Khoury's novel, Yalo (2002, and translated into English in 2008 for US publication by American Peter Theroux), depicted a former militiaman accused of crimes during Lebanon's civil war. He described the use of torture in the Lebanese judicial system. The title refers to the name of a Palestinian Arab village that was destroyed and in territory annexed by Israel during the 1967 war. All the inhabitants were expelled and most went to Jordan.[3]
Khoury is known for being a prolific writer, but his novels are not so lengthy, supposedly 110-220 pages. Only Gate of the Sun was an exception, its number of pages was less than the others.[3]
Khoury's novels are notable for their complex approach to political themes and fundamental questions of human behavior. His narrative technique often involves an interior monologue, at times approaching a stream of consciousness. In recent works he has tended to use a considerable element of colloquial Arabic, although the language of his novels remains primarily Modern Standard Arabic, also called Fusha.This use of dialect forms adds to the credibility and immediacy of the narrative voice. While use of dialect in dialogue is relatively common in modern Arabic literature (for example, in the work of Yusuf Idris), Khoury also uses it in the main narrative. This is unusual in contemporary literature and has become part of the narrative technique of his works, and he says in this regard:
"As long as the official, written language is not opened to the spoken language it is a total repression because it means that the spoken, social experience is marginalised."[5]
Europe Meets the Arab World with Elias Khoury and Jocelynne Cesari. At Boston University Photonics Center.
Khoury's works have been translated and published internationally in Catalan, Dutch, English, French, German, Hebrew, Italian, Portuguese, Norwegian, Spanish, and Swedish.[2]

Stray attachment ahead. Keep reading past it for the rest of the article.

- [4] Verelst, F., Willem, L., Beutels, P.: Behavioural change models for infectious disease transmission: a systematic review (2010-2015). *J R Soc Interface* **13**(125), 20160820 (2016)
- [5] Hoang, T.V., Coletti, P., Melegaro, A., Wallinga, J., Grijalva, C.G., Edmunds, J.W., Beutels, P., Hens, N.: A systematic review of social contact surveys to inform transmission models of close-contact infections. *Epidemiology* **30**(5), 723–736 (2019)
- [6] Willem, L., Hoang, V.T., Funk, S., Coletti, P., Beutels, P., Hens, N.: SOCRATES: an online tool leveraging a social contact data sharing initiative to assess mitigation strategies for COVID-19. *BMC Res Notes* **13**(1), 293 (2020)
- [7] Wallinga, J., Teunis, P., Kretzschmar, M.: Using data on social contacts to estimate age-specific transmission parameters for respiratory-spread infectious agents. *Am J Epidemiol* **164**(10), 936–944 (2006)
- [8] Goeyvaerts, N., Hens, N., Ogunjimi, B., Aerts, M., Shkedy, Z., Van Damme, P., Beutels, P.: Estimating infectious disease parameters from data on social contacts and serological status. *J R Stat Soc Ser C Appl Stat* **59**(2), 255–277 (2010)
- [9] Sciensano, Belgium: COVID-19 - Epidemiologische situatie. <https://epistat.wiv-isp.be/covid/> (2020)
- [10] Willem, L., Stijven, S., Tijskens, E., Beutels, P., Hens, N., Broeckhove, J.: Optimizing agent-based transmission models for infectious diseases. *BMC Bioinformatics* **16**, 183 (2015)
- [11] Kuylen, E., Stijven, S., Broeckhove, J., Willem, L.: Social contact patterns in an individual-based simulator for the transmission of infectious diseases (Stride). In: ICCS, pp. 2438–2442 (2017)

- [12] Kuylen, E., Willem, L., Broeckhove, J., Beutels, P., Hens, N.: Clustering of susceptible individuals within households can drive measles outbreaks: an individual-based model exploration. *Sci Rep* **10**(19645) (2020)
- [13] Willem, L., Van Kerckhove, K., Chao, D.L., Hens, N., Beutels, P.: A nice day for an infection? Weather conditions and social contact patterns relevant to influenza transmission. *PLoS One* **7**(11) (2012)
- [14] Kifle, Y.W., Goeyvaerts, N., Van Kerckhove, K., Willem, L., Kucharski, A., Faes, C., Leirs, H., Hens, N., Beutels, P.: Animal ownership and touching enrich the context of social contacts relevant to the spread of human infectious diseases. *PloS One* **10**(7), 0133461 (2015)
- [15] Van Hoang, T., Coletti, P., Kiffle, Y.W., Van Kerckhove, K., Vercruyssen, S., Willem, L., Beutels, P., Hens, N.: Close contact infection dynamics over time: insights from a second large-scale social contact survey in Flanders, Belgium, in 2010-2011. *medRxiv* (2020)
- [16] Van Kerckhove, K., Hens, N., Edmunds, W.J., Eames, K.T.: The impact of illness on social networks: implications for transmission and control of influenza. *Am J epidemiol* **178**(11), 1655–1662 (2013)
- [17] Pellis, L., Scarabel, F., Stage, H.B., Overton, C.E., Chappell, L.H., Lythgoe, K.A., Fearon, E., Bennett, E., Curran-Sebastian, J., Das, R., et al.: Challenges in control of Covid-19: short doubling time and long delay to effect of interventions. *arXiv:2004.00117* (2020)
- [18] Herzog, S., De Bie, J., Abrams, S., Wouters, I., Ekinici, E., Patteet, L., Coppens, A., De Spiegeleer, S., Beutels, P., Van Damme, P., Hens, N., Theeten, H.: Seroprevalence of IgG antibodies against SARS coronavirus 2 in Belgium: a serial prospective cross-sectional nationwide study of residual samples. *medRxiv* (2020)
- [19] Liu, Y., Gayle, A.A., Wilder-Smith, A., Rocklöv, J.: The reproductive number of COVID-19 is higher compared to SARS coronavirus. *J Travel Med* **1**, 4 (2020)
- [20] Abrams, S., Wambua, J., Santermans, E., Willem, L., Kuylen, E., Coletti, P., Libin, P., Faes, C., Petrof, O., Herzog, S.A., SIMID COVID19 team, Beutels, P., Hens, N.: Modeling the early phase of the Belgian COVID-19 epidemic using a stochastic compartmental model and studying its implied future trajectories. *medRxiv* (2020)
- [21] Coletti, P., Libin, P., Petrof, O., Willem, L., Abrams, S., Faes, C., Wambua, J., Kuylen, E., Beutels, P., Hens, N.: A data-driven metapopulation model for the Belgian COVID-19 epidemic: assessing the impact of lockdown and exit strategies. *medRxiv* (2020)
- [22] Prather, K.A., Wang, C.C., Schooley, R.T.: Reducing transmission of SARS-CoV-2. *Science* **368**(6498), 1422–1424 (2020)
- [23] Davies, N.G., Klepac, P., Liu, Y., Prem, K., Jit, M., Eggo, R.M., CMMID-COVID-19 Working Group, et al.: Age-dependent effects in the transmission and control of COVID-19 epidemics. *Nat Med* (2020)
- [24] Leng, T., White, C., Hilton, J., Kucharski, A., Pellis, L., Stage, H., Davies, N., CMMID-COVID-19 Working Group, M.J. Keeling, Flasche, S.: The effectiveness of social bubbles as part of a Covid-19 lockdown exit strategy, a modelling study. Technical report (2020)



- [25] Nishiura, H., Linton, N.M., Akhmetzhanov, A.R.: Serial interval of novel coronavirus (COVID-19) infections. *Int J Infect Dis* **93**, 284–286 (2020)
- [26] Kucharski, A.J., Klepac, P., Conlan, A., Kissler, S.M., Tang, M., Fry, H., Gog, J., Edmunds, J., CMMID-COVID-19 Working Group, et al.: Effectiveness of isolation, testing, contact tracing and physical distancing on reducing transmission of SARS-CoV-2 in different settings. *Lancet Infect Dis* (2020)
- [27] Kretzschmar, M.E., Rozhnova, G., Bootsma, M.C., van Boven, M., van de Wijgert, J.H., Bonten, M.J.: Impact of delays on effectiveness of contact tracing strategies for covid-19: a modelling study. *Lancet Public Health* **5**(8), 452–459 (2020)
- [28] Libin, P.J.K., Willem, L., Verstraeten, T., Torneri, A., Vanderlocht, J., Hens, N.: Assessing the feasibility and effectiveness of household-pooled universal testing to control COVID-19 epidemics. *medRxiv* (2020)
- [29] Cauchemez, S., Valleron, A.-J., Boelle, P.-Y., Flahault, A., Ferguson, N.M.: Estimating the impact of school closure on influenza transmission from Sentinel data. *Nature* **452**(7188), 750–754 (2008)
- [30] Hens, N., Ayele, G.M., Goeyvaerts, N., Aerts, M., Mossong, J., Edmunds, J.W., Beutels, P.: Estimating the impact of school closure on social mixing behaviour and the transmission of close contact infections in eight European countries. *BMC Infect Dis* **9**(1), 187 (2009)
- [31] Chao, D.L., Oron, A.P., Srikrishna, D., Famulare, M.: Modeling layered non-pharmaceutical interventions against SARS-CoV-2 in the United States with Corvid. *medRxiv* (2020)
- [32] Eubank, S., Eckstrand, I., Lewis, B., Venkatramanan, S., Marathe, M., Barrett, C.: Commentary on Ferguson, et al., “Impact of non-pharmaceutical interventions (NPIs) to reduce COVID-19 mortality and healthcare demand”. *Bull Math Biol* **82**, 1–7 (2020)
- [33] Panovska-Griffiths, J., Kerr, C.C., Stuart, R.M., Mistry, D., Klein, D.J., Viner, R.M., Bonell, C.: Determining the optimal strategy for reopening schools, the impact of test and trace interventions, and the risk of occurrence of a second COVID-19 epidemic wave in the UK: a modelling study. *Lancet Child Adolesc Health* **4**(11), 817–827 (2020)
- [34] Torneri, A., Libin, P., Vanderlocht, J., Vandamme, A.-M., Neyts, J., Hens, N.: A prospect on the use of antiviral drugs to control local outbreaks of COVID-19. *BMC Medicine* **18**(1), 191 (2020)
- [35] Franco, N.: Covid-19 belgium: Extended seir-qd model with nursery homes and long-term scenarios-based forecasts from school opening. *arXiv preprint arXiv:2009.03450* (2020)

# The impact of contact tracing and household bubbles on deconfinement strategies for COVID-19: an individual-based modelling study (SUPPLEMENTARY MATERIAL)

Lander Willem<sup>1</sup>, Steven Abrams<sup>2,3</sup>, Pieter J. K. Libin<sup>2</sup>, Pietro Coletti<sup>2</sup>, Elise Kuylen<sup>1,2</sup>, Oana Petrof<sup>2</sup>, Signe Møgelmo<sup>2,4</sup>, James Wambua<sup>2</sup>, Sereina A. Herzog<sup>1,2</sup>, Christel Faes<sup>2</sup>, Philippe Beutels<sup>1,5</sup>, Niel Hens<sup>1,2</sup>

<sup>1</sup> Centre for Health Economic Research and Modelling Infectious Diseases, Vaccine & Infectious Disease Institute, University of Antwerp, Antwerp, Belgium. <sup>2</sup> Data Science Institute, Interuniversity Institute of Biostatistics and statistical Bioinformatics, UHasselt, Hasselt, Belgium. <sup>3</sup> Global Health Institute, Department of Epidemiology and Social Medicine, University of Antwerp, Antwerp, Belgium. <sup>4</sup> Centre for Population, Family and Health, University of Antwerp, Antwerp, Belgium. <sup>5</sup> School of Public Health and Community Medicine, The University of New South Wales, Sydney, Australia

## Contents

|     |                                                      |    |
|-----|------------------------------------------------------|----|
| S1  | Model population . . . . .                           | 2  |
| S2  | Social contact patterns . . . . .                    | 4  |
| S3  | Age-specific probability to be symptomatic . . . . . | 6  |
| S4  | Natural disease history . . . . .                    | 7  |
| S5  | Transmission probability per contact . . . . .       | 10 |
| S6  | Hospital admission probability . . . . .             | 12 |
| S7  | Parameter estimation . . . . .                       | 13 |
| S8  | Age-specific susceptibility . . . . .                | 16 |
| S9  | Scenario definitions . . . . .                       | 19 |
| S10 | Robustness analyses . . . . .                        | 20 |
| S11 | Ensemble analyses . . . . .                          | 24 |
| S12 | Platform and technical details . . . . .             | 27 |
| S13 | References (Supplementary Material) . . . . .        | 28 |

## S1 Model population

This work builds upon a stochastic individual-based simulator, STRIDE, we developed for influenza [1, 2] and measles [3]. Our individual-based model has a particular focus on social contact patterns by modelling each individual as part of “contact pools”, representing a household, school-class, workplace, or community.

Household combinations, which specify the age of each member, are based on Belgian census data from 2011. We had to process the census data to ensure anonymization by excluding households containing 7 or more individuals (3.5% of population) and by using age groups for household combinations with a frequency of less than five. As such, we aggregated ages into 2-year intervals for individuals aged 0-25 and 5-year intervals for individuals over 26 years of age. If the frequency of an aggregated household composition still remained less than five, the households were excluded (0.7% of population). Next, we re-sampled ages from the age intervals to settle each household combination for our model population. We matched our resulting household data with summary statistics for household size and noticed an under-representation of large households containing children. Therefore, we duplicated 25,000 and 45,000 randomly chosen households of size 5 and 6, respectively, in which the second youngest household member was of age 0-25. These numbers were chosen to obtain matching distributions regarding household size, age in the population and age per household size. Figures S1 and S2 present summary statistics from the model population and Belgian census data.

Academic career
He has taught at New York University, University of Houston, Berkeley College, The University of Chicago, Columbia University, Georgetown University, the University of Minnesota, and Princeton University in the United States. He also taught at the University of Poitiers in France, the University of London in the U.K, the University of Berlin in Germany, and the University of Zurich in Switzerland. In his home country Lebanon, he taught at the American University of Beirut, the Lebanese American University, and the Lebanese University.[2]
In 2006, Elias Khoury was teaching as a visiting professor for Modern Arabic Literature and Comparative Literature at New York University.[2]
Critical response
Khoury was accused of Holocaust inversion and historical negationism in his novel Children of the Ghetto: My Name Is Adam, which treats an Antisemitic canard about a massacre in Lydda (modern-day Lod) which some claim never actually happened.[6]
Political activity
Al-Mulhaq, under Khoury's editorship, became the "tribune of opposition"[2] to controversial aspects of the post-Civil War reconstruction of Beirut led by businessman and politician Rafiq al-Hariri.
Published works
Story groups
  1. ^ a b c d Cachia, Pierre; Campbell, Robert B. (July 1998). "A Aʿlām al-adab al-ʿarabī al-muʿaṣir: Siyar wa siyar dhātiyya. English Title Page: Contemporary Arab Writers: Biographies and Autobiographies". Journal of the American Oriental Society. 118 (3): 410. doi:10.2307/606073. ISSN 0003-0279. JSTOR 606073.
  2. ^ a b c d e f g h i j Allen, Roger; al-Baze'i, Sa'd (1993). "Thaqafah al-sahra': Dirasah fi adab al-jazirah al-'Arabiyyah al-mu'asir". World Literature Today. 67 (1): 225. doi:10.2307/40149019. ISSN 0196-3570. JSTOR 40149019.
  3. ^ a b c d Danielson, Virginia; Sahhab, Fiktur (1993). "Al-Sub'ah al-Kibar fi al-Musiqa al-'Arabiyah al-Mu'asirah [The Seven Great Ones in Modern Arabic Music]". Yearbook for Traditional Music. 25: 160–161. doi:10.2307/768698. ISSN 0740-1558. JSTOR 768698.
  4. ^ "Interview". Haaretz.
  5. ^ Casey, John (31 October 2019), "The Civil War in Literary Memory", The Cambridge History of the American Civil War, Cambridge University Press, pp. 439–459, doi​:​10.1017/9781316650721.021​, ISBN 978-1-316-65072-1
  6. ^ "A Fake Massacre Serves as Historical Backdrop to a New Palestinian Novel". Retrieved 24 June 2019.
  7. ^​https://www.haaretz.com/life/books/.premium.MAGAZINE-between-the-trauma-of-the-holocaust-and-the-trauma-of-nakba-1.6076181
  1. ^ Archipelagobooks.org
  2. ^ Archipelagobooks.org
  3. ^ Kassir, Samir, Histoire de Beyrouth, Paris, Fayard. ISBN 2-213-02980-6
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Last edited on 26 February 2021, at 19:49